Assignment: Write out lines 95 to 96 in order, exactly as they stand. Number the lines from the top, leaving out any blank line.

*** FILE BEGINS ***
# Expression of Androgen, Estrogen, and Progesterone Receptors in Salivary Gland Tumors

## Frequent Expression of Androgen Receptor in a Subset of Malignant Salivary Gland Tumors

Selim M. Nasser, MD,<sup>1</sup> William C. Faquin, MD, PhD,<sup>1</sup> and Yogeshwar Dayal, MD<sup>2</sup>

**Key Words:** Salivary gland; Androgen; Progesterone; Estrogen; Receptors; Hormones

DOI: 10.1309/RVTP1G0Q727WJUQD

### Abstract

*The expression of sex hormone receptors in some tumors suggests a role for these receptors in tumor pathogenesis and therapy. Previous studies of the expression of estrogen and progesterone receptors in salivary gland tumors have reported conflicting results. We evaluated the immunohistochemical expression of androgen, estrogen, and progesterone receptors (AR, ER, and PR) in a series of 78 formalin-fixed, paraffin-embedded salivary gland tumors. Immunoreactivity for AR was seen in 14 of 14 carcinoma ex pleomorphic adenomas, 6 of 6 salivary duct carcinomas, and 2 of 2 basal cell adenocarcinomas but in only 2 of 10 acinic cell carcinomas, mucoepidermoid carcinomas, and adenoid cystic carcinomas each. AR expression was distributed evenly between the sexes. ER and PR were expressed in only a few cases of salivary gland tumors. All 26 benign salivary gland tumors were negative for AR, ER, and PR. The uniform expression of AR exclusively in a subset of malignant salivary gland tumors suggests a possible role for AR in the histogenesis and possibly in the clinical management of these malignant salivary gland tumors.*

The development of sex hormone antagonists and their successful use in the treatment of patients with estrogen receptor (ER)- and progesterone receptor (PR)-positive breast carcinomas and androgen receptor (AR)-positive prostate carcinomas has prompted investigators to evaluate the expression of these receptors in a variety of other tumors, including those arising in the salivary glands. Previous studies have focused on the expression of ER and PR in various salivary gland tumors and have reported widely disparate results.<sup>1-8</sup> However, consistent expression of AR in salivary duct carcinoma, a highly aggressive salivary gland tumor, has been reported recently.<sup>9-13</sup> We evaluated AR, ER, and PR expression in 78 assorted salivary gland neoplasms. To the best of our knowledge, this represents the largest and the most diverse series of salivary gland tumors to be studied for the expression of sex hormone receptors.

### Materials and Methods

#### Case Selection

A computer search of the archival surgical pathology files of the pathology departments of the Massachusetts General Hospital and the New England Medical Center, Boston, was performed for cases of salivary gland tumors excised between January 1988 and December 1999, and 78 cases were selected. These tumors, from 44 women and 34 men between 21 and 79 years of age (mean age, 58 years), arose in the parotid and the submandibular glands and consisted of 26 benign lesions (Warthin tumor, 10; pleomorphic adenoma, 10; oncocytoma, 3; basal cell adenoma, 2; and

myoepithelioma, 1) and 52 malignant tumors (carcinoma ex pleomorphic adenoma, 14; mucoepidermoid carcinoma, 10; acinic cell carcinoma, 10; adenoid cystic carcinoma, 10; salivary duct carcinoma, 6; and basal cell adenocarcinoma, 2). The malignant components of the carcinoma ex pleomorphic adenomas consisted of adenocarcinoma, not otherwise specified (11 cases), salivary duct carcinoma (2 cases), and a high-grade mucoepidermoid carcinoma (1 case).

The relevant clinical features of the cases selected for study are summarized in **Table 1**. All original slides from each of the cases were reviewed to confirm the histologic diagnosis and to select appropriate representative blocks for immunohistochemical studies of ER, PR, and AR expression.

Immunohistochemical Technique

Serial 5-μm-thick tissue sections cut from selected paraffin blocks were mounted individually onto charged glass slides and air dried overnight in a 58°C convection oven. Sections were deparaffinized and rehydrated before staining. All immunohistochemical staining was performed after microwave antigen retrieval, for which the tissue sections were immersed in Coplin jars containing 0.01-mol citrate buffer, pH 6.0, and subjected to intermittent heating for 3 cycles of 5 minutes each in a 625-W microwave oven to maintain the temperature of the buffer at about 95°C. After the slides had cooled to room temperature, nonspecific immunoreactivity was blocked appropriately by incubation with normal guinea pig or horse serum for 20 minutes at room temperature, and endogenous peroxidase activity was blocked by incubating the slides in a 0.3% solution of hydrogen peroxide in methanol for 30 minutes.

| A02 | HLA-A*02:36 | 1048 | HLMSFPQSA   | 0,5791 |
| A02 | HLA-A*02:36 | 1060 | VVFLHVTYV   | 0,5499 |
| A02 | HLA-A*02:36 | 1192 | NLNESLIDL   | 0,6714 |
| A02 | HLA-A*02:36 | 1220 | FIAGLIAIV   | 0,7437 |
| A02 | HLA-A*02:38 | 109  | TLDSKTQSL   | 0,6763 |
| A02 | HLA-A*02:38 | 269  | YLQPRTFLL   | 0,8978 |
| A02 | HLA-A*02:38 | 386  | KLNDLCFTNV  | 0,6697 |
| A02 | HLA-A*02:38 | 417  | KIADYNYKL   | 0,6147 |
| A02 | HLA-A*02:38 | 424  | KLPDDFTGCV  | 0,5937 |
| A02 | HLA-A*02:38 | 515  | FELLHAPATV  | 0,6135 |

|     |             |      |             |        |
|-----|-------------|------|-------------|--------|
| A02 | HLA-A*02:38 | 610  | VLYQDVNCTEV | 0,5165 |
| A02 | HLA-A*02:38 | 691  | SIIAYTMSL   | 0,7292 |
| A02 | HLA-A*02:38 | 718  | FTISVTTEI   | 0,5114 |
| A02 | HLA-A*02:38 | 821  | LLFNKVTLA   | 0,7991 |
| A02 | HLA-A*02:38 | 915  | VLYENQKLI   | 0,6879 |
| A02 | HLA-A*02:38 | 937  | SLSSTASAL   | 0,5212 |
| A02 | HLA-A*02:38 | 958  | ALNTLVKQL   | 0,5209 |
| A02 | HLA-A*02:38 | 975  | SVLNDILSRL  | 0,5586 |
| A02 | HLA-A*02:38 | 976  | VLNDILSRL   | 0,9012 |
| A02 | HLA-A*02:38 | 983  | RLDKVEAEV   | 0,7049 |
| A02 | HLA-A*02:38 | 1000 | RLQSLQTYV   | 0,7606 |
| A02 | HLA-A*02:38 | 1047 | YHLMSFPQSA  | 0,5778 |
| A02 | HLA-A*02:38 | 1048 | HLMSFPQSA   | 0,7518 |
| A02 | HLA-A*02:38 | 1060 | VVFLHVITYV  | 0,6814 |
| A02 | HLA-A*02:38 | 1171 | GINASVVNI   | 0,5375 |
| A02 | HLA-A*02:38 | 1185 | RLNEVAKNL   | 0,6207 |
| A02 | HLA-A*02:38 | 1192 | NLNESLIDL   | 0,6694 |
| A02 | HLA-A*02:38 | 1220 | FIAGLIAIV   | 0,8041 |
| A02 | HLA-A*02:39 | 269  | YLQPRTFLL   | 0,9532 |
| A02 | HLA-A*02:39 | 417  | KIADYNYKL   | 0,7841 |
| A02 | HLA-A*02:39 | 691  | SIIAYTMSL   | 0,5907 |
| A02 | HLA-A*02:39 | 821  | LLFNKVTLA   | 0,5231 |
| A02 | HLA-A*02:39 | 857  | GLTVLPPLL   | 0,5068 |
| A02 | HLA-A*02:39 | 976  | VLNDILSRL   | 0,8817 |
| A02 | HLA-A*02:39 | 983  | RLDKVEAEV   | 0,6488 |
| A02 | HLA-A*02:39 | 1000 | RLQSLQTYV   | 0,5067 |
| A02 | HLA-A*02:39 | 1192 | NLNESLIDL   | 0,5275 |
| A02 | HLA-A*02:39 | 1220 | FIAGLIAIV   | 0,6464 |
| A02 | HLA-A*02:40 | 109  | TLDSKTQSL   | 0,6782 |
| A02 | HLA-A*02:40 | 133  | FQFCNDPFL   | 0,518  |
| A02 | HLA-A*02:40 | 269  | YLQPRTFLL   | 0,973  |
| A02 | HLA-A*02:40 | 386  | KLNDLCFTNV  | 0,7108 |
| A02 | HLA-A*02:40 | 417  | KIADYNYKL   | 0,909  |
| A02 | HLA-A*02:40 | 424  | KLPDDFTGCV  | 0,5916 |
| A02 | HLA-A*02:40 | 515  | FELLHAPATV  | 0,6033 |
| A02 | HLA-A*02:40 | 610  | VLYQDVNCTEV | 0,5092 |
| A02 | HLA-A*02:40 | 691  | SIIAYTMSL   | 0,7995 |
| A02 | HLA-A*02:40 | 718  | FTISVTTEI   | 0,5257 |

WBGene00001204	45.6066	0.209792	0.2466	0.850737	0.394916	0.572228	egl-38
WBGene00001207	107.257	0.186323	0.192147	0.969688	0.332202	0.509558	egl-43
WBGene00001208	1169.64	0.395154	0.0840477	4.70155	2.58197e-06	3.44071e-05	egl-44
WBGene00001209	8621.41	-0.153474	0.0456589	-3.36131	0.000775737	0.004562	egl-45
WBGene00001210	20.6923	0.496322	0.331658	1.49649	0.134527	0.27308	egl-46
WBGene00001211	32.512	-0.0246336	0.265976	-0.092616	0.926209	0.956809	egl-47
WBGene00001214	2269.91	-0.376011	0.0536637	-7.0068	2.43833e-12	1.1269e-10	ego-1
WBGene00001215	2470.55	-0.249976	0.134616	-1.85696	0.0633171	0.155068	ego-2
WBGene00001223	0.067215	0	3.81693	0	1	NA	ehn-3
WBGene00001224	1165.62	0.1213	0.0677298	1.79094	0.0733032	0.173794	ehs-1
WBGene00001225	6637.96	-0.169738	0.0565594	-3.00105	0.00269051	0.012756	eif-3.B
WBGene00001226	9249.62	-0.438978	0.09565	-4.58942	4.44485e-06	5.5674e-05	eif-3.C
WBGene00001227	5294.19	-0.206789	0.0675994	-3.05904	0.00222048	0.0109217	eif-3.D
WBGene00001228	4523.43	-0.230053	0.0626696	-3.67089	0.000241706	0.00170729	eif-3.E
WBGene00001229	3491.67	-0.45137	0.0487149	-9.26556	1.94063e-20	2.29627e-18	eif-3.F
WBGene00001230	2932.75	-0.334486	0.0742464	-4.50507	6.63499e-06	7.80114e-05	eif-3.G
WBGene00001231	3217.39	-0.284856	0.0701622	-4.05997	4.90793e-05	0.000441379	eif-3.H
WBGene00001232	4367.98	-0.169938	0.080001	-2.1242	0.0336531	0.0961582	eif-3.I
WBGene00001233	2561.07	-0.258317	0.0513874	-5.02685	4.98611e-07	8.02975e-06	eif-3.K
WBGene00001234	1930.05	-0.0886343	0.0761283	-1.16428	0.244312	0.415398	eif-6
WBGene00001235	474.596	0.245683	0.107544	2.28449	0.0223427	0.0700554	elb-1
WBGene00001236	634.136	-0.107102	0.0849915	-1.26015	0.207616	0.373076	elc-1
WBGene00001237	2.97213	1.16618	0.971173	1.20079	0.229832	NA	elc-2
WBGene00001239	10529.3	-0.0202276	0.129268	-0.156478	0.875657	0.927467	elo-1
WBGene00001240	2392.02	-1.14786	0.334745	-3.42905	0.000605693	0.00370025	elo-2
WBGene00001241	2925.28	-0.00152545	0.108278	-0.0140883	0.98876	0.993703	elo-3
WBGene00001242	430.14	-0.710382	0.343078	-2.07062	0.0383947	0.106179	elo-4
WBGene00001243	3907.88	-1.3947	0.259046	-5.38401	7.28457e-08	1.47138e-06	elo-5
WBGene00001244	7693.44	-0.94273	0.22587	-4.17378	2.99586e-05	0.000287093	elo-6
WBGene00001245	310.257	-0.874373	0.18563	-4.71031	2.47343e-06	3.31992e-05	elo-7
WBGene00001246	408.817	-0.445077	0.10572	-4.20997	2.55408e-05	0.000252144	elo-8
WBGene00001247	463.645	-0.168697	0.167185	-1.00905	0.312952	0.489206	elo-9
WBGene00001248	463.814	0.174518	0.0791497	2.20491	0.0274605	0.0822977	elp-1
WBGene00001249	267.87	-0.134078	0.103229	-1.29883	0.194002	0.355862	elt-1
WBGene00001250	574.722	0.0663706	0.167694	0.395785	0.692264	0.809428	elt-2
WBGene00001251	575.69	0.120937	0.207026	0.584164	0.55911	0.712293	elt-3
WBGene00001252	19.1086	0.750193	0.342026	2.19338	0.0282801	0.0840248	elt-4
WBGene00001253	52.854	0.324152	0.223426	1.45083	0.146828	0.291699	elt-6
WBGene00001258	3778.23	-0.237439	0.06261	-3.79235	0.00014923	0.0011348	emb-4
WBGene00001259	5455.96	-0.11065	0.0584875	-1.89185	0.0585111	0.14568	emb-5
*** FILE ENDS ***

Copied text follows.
WBGene00001245	310.257	-0.874373	0.18563	-4.71031	2.47343e-06	3.31992e-05	elo-7
WBGene00001246	408.817	-0.445077	0.10572	-4.20997	2.55408e-05	0.000252144	elo-8